I recently attended the Virtual School Symposium hosted by iNACOL (the International Association for K-12 Online Learning). It was a good conference, and I came away with a new sense of the direction online learning will be taking as we approach the end of the first decade of the 21st century.
One session I attended really had some things to think about. It was conducted by folks from Transition High School in Milwaukee. The session was about disruptive learning, and this school is truly following the disruptive learning philosophy. Created as a place for students who have previously been incarcerated or have otherwise been in “trouble”, this high school has had to develop true education reform.
There are many great things going on at Transition High School. At first glance, an educator might say “okay, great, but how does that apply to my school?”
To answer that question, I’m going to talk about the school’s “restoration of consciousness” theme. The programs that surround this theme include a three-strand approach.
First, there is the “cypher” portion, which educates the students in that school about some of the stereotypes and cultural issues that may affect their own perception of their roles in society.
Next, is the “experiential” portion, which gives students an opportunity to experience things like camping, rock-climbing, and skiing – things they have never experienced before. These experiences serve to show students what truly living is all about, and in the process, they learn more about themselves and their own capacity to problem-solve and face challenges.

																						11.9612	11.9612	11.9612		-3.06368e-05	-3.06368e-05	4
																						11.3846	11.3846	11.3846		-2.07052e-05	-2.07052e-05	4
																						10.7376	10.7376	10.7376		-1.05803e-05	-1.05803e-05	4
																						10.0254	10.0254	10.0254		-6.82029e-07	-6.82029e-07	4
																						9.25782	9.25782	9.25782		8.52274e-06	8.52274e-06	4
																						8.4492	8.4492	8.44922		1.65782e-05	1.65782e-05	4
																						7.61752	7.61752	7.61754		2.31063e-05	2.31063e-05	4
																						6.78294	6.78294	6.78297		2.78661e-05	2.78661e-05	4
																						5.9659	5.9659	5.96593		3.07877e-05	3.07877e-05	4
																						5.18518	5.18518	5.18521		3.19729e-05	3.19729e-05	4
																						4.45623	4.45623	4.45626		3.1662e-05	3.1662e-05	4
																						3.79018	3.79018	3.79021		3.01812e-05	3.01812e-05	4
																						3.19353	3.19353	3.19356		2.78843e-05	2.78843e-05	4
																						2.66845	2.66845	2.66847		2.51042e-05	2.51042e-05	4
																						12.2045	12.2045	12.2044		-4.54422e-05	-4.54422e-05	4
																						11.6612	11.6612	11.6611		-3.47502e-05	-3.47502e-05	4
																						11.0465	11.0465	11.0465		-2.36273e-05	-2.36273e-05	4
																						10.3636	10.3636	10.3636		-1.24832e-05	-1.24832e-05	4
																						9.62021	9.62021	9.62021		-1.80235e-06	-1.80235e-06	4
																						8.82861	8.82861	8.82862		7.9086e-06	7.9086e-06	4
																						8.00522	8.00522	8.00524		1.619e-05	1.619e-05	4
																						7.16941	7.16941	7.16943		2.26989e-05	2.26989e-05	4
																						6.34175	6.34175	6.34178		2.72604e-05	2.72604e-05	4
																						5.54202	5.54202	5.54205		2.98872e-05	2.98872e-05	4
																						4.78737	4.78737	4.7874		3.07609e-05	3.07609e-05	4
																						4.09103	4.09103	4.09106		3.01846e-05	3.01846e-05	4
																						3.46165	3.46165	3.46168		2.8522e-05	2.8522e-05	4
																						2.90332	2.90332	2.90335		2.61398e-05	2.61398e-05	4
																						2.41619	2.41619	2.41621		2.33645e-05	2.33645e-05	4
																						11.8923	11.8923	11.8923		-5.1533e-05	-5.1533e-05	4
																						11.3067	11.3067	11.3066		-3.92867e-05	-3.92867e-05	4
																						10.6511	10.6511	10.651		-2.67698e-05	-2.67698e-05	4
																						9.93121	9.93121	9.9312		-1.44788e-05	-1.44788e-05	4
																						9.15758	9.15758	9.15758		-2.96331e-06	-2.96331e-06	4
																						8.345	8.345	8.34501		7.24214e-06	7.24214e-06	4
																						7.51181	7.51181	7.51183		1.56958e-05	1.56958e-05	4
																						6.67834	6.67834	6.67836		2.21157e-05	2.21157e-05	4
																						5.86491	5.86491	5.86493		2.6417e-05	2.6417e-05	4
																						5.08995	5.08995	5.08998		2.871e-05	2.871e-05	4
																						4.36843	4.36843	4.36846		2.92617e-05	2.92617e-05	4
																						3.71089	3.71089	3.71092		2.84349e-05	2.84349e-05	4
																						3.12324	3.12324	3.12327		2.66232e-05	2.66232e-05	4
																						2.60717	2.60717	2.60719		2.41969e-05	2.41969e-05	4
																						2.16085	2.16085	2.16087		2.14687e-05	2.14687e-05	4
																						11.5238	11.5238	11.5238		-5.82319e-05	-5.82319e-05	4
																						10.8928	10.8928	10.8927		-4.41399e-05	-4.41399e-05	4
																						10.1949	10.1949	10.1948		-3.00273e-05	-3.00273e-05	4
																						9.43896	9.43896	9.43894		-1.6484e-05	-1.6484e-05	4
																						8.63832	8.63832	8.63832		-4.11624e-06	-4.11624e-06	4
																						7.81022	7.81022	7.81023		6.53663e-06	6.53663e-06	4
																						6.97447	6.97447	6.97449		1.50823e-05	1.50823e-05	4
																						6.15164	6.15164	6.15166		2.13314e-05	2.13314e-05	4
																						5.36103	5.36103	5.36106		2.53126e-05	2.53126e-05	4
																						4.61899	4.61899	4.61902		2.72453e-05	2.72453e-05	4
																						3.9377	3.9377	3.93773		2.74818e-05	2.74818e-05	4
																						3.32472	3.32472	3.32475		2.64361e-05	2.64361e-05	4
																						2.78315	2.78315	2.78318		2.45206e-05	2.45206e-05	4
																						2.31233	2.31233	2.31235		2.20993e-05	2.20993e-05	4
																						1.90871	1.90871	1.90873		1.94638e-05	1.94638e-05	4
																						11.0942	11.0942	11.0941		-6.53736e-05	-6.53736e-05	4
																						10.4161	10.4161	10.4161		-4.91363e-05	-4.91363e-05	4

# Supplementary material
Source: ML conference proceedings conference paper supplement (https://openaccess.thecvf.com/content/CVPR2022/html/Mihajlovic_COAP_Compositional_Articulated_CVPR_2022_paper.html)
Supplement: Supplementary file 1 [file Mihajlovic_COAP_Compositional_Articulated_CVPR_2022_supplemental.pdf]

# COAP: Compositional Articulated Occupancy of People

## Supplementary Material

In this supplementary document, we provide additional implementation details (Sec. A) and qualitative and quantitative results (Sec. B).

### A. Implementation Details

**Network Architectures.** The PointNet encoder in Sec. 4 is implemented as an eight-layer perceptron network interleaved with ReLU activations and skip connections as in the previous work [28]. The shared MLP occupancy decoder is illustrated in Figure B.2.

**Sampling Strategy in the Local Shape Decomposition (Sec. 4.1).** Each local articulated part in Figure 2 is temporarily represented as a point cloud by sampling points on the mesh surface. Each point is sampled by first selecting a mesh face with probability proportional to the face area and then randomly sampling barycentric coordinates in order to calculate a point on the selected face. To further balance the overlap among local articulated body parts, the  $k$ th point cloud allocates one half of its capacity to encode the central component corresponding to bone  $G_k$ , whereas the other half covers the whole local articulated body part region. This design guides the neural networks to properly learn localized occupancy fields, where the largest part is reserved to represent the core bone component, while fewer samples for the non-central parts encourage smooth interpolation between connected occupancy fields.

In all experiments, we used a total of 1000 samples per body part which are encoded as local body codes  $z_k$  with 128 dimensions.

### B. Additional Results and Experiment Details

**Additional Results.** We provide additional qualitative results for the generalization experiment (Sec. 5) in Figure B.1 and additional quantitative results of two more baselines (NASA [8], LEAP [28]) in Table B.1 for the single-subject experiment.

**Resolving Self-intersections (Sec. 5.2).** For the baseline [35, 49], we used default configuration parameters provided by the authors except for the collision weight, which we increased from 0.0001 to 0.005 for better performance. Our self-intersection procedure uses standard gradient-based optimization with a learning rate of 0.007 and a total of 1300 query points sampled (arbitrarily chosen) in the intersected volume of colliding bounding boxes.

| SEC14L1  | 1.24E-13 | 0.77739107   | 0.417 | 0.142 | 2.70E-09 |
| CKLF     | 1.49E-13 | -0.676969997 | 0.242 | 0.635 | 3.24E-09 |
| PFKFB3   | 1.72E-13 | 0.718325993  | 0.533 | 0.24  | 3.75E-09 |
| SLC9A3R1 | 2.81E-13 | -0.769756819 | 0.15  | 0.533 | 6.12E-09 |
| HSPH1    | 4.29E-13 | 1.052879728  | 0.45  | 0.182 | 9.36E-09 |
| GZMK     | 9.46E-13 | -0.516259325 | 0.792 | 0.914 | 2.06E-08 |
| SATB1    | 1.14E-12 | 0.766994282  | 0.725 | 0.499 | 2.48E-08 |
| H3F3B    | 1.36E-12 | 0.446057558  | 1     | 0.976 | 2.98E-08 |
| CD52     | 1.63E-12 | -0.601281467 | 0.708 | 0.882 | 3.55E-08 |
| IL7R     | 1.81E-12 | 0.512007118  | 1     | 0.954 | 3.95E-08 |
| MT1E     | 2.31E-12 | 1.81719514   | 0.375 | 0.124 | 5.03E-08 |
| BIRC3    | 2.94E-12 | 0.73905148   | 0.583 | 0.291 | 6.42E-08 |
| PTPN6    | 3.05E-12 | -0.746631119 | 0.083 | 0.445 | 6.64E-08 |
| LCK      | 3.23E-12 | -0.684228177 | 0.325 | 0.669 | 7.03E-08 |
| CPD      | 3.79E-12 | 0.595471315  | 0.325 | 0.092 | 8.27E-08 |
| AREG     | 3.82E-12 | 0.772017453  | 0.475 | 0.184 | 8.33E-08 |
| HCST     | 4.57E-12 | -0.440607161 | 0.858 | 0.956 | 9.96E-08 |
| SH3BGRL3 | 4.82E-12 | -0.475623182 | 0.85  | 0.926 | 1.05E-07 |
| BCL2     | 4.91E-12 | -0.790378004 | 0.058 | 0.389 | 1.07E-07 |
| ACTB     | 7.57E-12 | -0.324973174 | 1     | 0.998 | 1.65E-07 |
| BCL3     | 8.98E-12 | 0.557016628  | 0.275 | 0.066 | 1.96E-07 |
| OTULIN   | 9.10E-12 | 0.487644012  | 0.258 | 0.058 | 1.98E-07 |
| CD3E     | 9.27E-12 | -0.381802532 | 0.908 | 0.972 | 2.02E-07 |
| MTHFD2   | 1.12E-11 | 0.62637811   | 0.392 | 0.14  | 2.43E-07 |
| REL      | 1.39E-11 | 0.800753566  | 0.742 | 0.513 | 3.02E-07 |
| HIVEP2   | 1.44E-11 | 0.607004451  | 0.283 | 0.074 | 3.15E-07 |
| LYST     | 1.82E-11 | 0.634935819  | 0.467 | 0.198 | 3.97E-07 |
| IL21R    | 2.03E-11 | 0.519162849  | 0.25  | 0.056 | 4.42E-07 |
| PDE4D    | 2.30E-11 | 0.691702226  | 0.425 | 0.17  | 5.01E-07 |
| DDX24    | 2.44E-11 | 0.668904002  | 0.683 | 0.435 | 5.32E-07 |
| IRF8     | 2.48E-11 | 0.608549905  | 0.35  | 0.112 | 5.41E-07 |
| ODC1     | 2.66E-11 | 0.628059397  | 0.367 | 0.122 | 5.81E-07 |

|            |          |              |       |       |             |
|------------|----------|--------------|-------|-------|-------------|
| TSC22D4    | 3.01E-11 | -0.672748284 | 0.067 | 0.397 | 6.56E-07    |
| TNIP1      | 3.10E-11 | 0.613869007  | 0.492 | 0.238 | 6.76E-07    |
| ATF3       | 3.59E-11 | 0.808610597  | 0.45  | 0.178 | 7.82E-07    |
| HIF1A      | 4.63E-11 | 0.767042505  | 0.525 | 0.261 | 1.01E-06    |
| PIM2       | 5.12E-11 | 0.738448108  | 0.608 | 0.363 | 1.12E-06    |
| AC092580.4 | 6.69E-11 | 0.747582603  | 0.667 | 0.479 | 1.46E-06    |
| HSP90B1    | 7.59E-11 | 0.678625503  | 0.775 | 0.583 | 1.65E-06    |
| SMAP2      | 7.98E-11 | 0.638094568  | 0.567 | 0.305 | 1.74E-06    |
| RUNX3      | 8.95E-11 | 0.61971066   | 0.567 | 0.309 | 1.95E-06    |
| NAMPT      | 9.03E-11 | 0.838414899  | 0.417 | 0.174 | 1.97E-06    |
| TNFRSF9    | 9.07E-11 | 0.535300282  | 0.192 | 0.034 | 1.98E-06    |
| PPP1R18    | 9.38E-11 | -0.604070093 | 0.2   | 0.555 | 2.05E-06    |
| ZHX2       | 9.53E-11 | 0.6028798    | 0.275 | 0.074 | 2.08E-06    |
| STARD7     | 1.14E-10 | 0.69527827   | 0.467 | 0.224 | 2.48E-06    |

Last, there is a “community” component, where students do community service work and develop community partnerships that further enhance their understanding of what their role in society might be.
Yes, these programs have been developed for students who otherwise normally fall through the cracks. Nationwide statistics say that an extremely high number of these students will be dropouts. Transition High School students graduate 64% of the time, and many of them choose to pursue higher education.
However, I believe this type of program has a place in “traditional” school settings, as well. As a high school teacher, I see students in my classroom who have, over the years, had their sense of awareness removed from them. They have forgotten why they want to learn, why they need to learn, how to set goals and what it really takes to achieve those goals. In an earlier post on this blog (Teaching Truth #11: Is it our fault?), I speculated that high school students:
“… leave their strengths behind and since they aren’t any good at those things we are forcing them to do, they lose interest and become mediocre at success.”
It’s time we restore consciousness – not just to our students, but to ourselves.
We can do this by focusing more on the student as a whole, rather than limiting our impact to our 45 to 90 minutes with them each day. Developing a school-wide program, tailored to meet the needs of the students in your community, can be the first step toward a global restoration of consciousness.